I don’t have to tell you that people eat crappier food late at night than they do in the light of day. You probably figured that out when Taco Bell invented a fourth meal in the middle of the night. But according to Massive Health’s interactive map of self-reported food quality, we’re on a slippery health slope from the time we wake up in the morning. Food choices get consistently more lousy as the day wears on.
FastCompany theorizes that this drop-off in conscientious eating comes from decision fatigue:
[I]t seems possible that we eventually end up paying for all the good decisions we make early in the morning. As our willpower gets depleted during the course of the day, we succumb to worse and worse decisions in the afternoon and night. The question is: If we know that, can we hack our brains accordingly?
There are a few other explanations, though. This is all based on self-reported data, so people may just feel crummier about their choices the longer they spend at work or school. Alcohol starts sneaking in at about 5 p.m. (or earlier for journalists), which can taint your assessment of a meal’s nutritional value — not to mention hampering your ability to make good choices. And dinners, even perfectly healthy dinners, are often larger meals and more likely to include food we’ve coded as “bad” (potatoes, bread, meat), so people might tend to report reasonable dinners as more unhealthy than that artificially sweetened yogurt they grabbed on the way to work.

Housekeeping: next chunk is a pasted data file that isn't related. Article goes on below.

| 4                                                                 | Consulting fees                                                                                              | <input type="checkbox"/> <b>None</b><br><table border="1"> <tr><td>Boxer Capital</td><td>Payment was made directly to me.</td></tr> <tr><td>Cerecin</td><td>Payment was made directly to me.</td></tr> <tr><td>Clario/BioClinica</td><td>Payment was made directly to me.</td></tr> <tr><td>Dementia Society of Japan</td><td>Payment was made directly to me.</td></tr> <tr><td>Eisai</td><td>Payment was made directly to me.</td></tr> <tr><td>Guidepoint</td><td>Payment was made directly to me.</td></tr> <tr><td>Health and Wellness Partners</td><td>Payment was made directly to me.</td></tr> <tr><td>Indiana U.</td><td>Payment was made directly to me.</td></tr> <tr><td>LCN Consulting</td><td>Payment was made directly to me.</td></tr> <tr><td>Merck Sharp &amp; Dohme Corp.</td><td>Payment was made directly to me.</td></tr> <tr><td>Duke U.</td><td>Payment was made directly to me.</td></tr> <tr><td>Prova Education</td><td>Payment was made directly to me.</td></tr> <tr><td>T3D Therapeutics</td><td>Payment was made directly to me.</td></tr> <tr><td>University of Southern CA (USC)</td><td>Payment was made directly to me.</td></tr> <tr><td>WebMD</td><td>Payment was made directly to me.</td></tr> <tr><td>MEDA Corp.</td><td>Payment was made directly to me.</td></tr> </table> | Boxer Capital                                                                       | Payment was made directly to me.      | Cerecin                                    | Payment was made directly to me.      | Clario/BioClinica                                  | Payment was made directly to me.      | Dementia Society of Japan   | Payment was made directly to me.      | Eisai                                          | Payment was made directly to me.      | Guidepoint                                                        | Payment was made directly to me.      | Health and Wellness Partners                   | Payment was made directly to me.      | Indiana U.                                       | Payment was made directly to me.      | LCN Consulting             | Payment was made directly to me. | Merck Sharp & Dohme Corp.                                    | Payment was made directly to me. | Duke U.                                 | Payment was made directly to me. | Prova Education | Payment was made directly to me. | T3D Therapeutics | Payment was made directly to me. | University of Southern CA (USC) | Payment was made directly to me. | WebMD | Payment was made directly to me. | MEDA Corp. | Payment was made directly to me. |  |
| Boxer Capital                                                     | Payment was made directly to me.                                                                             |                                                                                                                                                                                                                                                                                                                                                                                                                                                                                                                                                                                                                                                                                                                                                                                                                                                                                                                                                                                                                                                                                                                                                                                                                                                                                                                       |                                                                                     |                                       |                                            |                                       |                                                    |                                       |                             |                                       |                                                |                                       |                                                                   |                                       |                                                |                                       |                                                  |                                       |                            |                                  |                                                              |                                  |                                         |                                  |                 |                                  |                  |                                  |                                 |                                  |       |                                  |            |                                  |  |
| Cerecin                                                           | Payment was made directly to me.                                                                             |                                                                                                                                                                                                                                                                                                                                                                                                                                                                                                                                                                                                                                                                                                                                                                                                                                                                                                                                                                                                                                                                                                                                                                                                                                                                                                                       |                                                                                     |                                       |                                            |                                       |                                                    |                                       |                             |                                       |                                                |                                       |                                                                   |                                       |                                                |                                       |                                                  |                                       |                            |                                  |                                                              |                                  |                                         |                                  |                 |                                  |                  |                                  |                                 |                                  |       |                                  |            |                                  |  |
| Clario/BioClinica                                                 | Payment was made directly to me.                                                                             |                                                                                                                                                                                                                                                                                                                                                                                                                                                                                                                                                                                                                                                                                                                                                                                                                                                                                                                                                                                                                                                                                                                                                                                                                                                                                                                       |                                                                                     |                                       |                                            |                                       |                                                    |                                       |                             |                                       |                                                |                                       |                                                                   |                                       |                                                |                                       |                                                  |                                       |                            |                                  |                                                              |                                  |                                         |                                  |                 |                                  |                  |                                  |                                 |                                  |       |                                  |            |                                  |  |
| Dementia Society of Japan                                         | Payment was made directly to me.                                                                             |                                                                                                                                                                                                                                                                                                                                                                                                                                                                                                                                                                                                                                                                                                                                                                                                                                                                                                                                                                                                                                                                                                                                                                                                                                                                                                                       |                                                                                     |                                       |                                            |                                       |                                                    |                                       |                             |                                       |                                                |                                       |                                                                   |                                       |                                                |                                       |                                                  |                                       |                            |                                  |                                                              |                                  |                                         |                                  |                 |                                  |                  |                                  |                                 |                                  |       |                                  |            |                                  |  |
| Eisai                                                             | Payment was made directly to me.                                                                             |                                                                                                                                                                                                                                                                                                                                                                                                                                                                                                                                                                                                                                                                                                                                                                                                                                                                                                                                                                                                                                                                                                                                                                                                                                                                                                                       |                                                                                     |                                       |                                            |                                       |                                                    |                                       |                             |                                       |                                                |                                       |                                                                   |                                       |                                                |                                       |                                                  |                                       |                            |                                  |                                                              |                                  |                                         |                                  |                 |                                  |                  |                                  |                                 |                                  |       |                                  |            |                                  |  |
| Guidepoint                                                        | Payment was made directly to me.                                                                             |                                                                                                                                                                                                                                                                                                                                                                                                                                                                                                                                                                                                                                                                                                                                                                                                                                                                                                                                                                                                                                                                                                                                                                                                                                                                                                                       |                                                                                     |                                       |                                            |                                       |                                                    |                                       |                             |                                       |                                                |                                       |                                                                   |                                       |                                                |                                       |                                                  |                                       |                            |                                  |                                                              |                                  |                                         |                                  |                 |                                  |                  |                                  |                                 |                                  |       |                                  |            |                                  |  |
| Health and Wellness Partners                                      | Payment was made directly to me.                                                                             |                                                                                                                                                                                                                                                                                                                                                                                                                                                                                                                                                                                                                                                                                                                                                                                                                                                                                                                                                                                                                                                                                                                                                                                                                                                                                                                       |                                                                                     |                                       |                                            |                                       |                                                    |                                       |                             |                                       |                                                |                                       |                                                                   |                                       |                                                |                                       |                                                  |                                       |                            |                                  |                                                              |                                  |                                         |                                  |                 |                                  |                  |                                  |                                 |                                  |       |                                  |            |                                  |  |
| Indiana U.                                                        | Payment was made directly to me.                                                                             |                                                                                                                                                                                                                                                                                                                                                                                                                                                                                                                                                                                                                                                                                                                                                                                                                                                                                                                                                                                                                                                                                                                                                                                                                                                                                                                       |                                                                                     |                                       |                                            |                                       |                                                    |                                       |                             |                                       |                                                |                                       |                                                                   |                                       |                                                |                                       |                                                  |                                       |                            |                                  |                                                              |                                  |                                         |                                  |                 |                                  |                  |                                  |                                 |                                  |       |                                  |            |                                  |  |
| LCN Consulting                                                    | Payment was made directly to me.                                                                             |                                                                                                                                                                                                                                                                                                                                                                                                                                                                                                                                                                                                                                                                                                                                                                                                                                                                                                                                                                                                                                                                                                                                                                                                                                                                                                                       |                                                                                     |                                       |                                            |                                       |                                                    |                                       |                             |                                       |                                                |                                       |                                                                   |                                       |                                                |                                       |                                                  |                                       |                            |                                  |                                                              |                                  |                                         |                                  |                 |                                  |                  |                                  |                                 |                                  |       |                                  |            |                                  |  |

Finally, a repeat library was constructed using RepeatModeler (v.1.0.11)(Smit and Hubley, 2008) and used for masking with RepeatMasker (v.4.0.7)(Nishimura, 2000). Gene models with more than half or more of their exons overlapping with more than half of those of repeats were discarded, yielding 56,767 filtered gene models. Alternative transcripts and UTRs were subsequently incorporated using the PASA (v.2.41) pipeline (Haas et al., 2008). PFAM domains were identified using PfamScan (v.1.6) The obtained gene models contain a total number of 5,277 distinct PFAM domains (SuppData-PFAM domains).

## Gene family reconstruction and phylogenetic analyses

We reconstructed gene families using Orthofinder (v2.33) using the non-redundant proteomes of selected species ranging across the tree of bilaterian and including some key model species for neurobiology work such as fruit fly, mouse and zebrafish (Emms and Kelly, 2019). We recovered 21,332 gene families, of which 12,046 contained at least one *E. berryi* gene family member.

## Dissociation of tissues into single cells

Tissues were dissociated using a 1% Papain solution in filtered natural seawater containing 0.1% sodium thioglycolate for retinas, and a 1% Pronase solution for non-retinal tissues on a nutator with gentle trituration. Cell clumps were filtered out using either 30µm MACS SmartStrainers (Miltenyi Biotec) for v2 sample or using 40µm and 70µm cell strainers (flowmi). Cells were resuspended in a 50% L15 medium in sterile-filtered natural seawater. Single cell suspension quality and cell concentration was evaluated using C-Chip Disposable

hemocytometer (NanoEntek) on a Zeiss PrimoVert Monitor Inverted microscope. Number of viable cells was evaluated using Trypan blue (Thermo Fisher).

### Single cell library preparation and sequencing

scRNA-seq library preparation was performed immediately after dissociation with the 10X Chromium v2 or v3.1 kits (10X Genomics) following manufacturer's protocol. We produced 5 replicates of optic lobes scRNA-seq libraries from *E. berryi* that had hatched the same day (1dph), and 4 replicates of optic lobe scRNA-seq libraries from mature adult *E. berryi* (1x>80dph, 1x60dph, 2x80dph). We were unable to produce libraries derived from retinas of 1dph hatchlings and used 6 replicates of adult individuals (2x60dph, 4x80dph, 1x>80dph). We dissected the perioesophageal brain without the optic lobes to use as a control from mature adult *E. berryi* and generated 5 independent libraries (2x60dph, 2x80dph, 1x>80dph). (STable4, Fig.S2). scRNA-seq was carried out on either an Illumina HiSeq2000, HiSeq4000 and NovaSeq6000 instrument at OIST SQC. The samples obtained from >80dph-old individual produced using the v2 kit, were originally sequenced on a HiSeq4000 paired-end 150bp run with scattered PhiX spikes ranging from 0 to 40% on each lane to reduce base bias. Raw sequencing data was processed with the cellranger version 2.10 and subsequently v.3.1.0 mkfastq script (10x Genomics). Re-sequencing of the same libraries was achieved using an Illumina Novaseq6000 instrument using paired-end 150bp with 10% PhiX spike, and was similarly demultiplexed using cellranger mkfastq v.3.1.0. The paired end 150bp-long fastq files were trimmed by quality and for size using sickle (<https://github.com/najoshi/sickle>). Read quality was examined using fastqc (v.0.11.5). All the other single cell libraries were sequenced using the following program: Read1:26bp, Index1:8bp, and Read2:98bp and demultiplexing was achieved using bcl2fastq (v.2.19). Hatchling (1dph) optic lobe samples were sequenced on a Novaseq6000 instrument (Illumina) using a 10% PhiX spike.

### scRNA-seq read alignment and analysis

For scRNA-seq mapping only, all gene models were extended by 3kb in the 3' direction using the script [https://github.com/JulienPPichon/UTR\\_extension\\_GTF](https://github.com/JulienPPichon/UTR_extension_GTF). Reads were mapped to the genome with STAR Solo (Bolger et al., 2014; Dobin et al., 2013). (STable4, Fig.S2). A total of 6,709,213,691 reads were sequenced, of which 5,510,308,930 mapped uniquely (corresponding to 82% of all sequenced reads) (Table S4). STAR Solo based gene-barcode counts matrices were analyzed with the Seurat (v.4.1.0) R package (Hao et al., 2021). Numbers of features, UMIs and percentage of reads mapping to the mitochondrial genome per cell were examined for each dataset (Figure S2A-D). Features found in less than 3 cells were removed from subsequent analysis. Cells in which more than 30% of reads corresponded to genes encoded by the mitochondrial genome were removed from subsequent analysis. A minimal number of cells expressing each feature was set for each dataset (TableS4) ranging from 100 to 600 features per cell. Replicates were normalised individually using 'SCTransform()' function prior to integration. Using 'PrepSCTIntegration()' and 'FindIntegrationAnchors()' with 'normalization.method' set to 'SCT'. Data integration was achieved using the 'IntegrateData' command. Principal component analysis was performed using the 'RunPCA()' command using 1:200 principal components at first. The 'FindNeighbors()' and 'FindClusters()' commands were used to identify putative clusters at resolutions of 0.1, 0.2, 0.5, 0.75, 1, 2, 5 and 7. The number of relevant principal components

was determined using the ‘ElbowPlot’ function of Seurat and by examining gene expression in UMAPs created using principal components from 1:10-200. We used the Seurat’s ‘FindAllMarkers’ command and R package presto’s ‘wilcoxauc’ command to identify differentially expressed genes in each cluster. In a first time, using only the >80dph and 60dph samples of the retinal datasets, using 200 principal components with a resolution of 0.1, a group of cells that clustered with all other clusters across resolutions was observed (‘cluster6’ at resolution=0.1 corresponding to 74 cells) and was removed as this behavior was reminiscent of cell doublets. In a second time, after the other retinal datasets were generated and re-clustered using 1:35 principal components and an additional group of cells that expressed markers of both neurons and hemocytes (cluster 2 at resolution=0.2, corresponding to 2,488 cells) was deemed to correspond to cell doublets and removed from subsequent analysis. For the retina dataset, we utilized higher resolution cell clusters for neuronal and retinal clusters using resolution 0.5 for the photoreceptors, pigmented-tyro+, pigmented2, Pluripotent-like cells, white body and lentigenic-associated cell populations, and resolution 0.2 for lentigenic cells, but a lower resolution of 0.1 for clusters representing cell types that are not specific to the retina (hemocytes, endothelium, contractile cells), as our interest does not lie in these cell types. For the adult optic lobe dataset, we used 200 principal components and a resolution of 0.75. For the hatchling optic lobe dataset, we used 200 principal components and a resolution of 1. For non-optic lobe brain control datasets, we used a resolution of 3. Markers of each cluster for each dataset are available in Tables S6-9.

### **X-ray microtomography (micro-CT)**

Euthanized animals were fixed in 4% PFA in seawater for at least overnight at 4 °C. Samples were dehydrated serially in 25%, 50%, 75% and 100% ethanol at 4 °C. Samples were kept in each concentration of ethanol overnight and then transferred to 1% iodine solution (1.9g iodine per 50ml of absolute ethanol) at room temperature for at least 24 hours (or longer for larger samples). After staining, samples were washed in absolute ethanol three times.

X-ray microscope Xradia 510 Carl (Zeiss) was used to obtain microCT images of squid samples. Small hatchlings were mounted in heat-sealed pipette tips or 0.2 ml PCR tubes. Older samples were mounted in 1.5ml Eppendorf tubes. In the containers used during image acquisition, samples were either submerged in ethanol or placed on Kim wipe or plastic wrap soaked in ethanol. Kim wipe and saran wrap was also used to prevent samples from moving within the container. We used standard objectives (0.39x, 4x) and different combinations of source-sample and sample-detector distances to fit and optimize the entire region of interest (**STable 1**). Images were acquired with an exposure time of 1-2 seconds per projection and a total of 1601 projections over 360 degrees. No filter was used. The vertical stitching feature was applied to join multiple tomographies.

But once we hit 10 or 11 p.m., I think we can give Taco Bell some of the blame.